Quantcast
Telephone Icon

020 7650 1200

TV

BBC publishes report into why 75 per cent of prosecutions for non-payment of TV licence fee are against women

The BBC today published the findings of its review which was designed to understand why there is a significant gender disparity in the way that it prosecutes people who default on their TV licence fee payment, and find ways to mitigate the disparity.

Posted on 11 May 2023

The findings are that societal factors are largely responsible for the disparity. It proposes an Action Plan which, Baroness Young of Hornsey OBE, Independent Advisor to the review, says “has the potential to mitigate gender disparity significantly in terms of prosecutions, and to lead to fewer people overall being prosecuted”.

The corporation agreed to carry out and publish a follow-up to its 2017 gender disparity review after our client Josiane threatened a judicial review of the system on the basis of sex discrimination. Josiane was a lone parent from Essex who was in financial difficulty during the pandemic but was nevertheless prosecuted for failing to pay her TV licence.

Josiane has been supported in legal claims against the BBC by the law charities APPEAL and the Public Law Project, and represented by the law firm Leigh Day. Her lawyers are not convinced that today’s proposals will go far enough to address her concerns around gender discrimination.

Seventy-five per cent of all TV licensing prosecutions in 2021 were against women, accounting for 18 per cent of all prosecutions made against women in England and Wales. Non-payment of the fine can result in imprisonment.

Emma Torr, Legal Director at APPEAL said:

“This review came about because women, and those in genuine financial difficulty, have been disproportionately bearing the burden of the BBC's enforcement scheme for years. A situation that’s particularly abhorrent during the cost-of-living crisis.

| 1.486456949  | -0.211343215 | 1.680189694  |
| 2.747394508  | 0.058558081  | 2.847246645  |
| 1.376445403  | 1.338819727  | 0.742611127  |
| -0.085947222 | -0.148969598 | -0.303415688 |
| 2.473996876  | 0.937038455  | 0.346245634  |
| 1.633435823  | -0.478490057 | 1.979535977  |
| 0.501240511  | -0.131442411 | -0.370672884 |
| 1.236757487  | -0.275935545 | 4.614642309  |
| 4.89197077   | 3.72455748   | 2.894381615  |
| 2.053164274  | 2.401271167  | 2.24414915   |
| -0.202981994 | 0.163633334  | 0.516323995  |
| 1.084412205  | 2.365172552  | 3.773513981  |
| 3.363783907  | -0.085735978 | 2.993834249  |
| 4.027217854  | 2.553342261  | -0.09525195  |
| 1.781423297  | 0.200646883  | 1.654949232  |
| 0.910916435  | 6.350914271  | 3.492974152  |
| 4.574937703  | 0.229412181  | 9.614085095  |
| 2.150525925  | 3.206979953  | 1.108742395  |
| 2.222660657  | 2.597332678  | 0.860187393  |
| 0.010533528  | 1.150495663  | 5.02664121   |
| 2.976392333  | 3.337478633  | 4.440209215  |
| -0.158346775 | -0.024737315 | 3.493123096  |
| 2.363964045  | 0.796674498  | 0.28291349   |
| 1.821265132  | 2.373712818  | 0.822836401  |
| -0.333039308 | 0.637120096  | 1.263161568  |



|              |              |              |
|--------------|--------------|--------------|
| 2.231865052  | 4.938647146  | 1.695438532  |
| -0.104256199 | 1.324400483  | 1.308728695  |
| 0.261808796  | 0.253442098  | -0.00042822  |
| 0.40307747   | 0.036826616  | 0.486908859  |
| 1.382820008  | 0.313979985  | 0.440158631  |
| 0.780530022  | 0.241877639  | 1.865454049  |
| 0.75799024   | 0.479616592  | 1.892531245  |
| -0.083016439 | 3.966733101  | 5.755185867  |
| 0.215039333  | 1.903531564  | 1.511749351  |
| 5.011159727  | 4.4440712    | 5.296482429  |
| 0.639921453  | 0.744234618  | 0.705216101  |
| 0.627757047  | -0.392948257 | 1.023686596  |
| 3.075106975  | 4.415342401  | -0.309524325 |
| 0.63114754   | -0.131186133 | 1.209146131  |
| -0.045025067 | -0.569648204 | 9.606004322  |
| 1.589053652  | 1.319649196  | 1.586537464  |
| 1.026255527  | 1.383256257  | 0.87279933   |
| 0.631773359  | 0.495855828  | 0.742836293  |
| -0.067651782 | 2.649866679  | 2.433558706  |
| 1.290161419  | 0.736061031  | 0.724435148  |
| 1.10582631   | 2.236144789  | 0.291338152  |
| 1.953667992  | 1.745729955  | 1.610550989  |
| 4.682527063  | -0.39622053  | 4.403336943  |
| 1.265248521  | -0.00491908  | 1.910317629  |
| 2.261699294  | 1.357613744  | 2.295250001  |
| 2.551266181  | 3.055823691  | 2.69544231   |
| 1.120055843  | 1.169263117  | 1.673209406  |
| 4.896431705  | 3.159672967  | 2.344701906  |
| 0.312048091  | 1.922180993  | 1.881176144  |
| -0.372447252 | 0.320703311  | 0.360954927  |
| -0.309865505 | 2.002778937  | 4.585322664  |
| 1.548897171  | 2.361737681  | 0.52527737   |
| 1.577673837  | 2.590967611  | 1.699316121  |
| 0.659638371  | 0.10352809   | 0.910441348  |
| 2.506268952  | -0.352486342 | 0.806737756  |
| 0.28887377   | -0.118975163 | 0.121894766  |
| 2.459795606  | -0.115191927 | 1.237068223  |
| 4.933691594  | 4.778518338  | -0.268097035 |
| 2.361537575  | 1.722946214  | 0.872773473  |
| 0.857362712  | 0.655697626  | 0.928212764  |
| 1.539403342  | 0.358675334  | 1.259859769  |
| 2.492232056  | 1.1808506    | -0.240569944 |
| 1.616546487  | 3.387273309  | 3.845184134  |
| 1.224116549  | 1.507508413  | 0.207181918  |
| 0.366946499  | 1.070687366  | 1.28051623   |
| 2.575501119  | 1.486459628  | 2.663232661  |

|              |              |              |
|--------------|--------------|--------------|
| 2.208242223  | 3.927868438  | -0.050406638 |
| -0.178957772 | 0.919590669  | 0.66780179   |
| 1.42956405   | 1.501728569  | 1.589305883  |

"Previous efforts by the BBC to address the disparity have failed so it’s clear that tinkering around the edges does not work - there needs to be a fundamental shift in the way that they enforce license fee payment. We had hoped that this review would kick start that sea change. Sadly, today’s report does not convince me. The focus of the Action Plan is on getting more people to pay their licence fee rather than on ensuring that those in genuine hardship are not prosecuted at all.

"The devil is in the detail however, and APPEAL has a number of practical suggestions on how they could be implemented to maximise their chance of success.

"As millions across the UK struggle to pay their bills, this is an urgent problem. We call on the BBC to act swiftly in implementing the changes, publishing quarterly statistics to measure their success and reforming their approach if we do not see a dramatic fall in the prosecution of women and those in hardship.”

Leigh Day solicitor Kate Egerton said:

“The BBC once again heavily rely on ‘societal’ factors, which they say are out of their control, to account for the 75% gender disparity. However, its proposals to mitigate the discriminatory impact of its polices for investigating and prosecuting TV licence evasion are lacking in detail and do not go far enough.

"We suggested a number of practical steps that the BBC could take to reduce the disproportionate impact on women as part of Josiane’s case but these have not been taken forward. We are concerned that the review’s recommendations will only scratch the surface of the problem and that women will continue to be the subject of indirect sex discrimination. The BBC should be bolder if it is serious about tackling the gender disparity and we will be looking at this plan closely to consider its implications.”

Josiane said:

“Being prosecuted for not being able to meet the payments of my TV Licence was a deeply stressful experience for me. I can’t help but think of all the people – mainly women – who are in that position now, especially during the cost-of-living crisis. That is why I have been trying to get the BBC to tackle this problem. I do not yet see how today’s proposals from the BBC will do that and sincerely hope they will work closely with my team at APPEAL when it comes to fleshing out the details.”

 

Profile
Kate Egerton
Discrimination Human rights

Kate Egerton

Kate Egerton is a senior associate solicitor in the human rights department.

News Article
TV
Discrimination Settlement BBC

BBC pays settlement damages to TV licence sex discrimination claim woman

The BBC has agreed to pay £6,500 in compensation to a single mother who claims she was discriminated against when she was prosecuted by TV Licensing, who take action against many more women than men every year.  

Landing Page
Young Female Wheelchair User At Train Station

Discrimination claims

Contact our discrimination team today